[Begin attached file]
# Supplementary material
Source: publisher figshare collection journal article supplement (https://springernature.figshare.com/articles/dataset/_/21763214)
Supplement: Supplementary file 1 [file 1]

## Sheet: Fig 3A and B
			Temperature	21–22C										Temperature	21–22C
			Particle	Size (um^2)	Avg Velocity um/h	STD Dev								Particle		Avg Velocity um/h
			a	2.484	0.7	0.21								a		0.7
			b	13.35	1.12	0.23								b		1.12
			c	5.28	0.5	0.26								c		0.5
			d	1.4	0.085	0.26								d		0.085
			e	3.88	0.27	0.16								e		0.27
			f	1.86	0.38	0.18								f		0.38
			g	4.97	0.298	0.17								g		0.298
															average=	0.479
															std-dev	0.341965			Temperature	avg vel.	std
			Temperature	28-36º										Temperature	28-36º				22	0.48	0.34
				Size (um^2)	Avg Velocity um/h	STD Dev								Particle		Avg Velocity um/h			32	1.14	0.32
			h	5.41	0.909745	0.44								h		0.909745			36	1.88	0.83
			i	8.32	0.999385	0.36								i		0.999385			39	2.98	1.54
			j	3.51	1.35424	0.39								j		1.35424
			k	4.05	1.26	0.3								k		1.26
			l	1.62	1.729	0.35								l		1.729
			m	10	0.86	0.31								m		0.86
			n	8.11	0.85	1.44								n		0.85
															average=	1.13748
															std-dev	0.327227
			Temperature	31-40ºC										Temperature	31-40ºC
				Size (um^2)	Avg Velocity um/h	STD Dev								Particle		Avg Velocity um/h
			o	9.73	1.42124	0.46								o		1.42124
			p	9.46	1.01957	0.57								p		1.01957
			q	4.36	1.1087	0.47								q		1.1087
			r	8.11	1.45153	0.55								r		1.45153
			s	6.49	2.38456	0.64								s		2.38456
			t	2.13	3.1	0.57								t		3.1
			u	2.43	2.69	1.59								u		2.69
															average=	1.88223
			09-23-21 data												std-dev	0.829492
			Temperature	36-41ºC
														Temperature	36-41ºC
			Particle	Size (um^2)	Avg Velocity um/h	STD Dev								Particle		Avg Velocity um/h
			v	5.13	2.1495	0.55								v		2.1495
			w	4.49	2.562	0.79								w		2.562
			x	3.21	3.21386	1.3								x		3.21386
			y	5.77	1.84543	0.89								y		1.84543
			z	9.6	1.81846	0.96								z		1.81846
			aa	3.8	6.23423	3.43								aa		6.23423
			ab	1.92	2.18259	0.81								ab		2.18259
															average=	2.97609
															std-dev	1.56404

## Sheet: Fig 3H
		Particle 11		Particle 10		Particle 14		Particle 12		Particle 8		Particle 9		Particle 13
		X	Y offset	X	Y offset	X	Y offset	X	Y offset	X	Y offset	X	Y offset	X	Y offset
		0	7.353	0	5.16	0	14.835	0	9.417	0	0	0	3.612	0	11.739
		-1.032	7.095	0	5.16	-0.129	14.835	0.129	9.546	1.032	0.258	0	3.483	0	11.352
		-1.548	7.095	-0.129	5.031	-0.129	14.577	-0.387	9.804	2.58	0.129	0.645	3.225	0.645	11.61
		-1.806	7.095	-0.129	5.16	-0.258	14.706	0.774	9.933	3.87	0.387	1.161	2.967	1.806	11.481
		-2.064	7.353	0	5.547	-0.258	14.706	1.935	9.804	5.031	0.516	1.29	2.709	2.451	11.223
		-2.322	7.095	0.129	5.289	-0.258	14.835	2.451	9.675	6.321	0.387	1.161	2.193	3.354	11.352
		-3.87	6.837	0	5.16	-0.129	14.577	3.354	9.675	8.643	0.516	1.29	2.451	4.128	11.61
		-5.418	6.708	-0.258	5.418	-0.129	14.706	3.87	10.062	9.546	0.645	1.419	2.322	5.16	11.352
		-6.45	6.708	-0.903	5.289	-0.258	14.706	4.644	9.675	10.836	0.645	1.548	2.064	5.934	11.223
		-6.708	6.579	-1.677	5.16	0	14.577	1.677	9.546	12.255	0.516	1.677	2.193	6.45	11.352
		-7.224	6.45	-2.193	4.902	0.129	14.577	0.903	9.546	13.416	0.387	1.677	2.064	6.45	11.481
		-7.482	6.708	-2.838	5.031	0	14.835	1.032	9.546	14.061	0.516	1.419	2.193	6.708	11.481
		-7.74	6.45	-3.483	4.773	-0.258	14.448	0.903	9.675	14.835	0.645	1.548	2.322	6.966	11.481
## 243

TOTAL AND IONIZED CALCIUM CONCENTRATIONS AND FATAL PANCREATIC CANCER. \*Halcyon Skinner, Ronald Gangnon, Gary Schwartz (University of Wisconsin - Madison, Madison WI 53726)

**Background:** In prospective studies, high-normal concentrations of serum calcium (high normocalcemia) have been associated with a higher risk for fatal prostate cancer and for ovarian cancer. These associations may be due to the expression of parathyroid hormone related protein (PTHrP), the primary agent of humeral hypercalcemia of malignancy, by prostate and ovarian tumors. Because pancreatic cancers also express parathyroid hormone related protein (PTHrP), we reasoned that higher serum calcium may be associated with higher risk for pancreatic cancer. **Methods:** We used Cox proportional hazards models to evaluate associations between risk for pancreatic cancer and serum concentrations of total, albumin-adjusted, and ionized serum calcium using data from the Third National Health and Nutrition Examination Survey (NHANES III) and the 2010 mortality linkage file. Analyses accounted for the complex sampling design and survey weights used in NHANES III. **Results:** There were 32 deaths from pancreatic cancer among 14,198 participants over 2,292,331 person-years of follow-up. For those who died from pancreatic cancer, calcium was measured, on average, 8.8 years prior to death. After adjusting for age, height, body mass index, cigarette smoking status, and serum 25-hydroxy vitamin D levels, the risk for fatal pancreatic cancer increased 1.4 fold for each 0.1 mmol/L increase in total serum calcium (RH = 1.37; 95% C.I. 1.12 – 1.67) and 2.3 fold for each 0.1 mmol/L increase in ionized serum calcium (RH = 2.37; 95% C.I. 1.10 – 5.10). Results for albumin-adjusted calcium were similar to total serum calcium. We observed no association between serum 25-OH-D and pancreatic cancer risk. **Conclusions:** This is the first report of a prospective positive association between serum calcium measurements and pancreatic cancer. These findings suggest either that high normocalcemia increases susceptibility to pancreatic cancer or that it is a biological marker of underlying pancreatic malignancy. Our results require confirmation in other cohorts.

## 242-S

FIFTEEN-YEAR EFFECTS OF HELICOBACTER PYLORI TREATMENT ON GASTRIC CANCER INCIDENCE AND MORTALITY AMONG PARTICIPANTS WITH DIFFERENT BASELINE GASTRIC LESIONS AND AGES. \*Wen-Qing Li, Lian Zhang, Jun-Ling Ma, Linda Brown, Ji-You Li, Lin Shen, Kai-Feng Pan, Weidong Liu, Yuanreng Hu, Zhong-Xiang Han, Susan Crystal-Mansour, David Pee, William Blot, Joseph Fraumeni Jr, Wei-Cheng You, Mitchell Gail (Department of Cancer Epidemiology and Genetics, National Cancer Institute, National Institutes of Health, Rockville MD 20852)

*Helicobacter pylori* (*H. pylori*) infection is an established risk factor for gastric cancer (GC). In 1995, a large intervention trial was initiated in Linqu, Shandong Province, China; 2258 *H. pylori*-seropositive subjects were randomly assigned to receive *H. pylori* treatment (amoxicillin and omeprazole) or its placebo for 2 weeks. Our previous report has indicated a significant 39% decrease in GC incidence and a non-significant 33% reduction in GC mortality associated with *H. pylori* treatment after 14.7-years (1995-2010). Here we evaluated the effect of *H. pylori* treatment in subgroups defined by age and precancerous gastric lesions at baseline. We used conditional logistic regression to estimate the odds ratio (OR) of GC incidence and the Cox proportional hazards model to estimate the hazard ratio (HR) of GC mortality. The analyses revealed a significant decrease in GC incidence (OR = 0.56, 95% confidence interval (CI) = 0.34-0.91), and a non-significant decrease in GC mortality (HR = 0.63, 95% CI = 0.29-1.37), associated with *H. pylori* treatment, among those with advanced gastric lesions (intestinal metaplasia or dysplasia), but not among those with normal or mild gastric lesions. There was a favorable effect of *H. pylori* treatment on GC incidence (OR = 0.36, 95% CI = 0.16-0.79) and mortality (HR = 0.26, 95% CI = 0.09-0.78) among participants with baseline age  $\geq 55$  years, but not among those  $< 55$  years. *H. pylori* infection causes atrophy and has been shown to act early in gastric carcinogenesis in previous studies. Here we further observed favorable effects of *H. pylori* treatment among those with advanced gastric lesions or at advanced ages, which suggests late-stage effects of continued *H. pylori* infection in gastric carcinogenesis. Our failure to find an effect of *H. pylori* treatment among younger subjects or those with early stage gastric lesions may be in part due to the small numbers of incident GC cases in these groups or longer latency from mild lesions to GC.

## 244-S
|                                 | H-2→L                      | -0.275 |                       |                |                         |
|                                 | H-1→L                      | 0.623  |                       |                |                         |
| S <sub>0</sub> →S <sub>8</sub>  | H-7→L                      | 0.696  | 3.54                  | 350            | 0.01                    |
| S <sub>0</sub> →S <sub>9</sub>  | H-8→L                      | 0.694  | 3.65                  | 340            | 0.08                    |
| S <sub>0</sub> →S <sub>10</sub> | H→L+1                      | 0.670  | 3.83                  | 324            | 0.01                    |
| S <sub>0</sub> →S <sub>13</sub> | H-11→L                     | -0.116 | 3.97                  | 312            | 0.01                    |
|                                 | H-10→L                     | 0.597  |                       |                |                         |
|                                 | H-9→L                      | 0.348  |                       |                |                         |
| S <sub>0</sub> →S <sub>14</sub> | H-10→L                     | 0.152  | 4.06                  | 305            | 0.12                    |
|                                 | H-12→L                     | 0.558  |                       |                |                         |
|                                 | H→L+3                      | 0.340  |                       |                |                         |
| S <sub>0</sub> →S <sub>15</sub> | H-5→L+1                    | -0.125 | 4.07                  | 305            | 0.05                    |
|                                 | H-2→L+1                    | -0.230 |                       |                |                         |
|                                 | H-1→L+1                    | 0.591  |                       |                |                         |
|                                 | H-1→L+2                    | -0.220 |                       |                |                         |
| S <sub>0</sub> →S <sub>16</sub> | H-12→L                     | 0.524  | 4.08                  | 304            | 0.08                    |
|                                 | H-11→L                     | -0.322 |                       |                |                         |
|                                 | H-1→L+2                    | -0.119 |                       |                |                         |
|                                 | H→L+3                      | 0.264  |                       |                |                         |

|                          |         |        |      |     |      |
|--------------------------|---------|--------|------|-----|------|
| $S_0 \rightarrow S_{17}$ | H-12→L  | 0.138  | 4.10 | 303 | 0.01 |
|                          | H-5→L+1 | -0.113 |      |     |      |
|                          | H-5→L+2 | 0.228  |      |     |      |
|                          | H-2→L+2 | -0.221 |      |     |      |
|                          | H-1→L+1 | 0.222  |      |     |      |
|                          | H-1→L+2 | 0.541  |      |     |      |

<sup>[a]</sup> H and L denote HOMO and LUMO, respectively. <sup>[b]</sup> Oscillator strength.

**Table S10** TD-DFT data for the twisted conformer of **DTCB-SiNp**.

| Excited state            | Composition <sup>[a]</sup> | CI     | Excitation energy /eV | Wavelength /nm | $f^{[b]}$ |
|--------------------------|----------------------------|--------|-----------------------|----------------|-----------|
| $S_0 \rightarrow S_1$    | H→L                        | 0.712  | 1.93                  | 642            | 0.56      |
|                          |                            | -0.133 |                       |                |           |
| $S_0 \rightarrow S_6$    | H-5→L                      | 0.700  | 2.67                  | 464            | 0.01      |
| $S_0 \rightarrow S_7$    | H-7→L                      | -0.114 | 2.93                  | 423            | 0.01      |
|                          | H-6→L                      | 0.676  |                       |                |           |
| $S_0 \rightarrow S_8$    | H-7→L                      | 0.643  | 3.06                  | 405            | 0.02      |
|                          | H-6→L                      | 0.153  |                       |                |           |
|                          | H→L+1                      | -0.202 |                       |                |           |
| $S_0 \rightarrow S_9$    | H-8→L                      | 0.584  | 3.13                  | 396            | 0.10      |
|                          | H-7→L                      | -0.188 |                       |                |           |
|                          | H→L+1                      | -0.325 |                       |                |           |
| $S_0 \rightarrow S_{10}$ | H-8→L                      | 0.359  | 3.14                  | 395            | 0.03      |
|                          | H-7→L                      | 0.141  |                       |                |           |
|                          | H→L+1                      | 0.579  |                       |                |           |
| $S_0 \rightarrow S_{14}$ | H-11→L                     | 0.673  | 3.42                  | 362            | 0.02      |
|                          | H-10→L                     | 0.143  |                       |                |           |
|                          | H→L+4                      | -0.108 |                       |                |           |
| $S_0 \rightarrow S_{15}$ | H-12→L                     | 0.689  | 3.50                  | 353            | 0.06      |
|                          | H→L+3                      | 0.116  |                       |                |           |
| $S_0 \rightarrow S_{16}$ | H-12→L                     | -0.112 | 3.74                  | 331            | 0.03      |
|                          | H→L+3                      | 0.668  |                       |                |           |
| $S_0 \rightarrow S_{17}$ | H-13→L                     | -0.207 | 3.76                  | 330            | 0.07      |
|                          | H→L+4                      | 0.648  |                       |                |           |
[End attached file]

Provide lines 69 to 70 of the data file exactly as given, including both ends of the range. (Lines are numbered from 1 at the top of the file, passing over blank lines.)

## 242-S

FIFTEEN-YEAR EFFECTS OF HELICOBACTER PYLORI TREATMENT ON GASTRIC CANCER INCIDENCE AND MORTALITY AMONG PARTICIPANTS WITH DIFFERENT BASELINE GASTRIC LESIONS AND AGES. \*Wen-Qing Li, Lian Zhang, Jun-Ling Ma, Linda Brown, Ji-You Li, Lin Shen, Kai-Feng Pan, Weidong Liu, Yuanreng Hu, Zhong-Xiang Han, Susan Crystal-Mansour, David Pee, William Blot, Joseph Fraumeni Jr, Wei-Cheng You, Mitchell Gail (Department of Cancer Epidemiology and Genetics, National Cancer Institute, National Institutes of Health, Rockville MD 20852)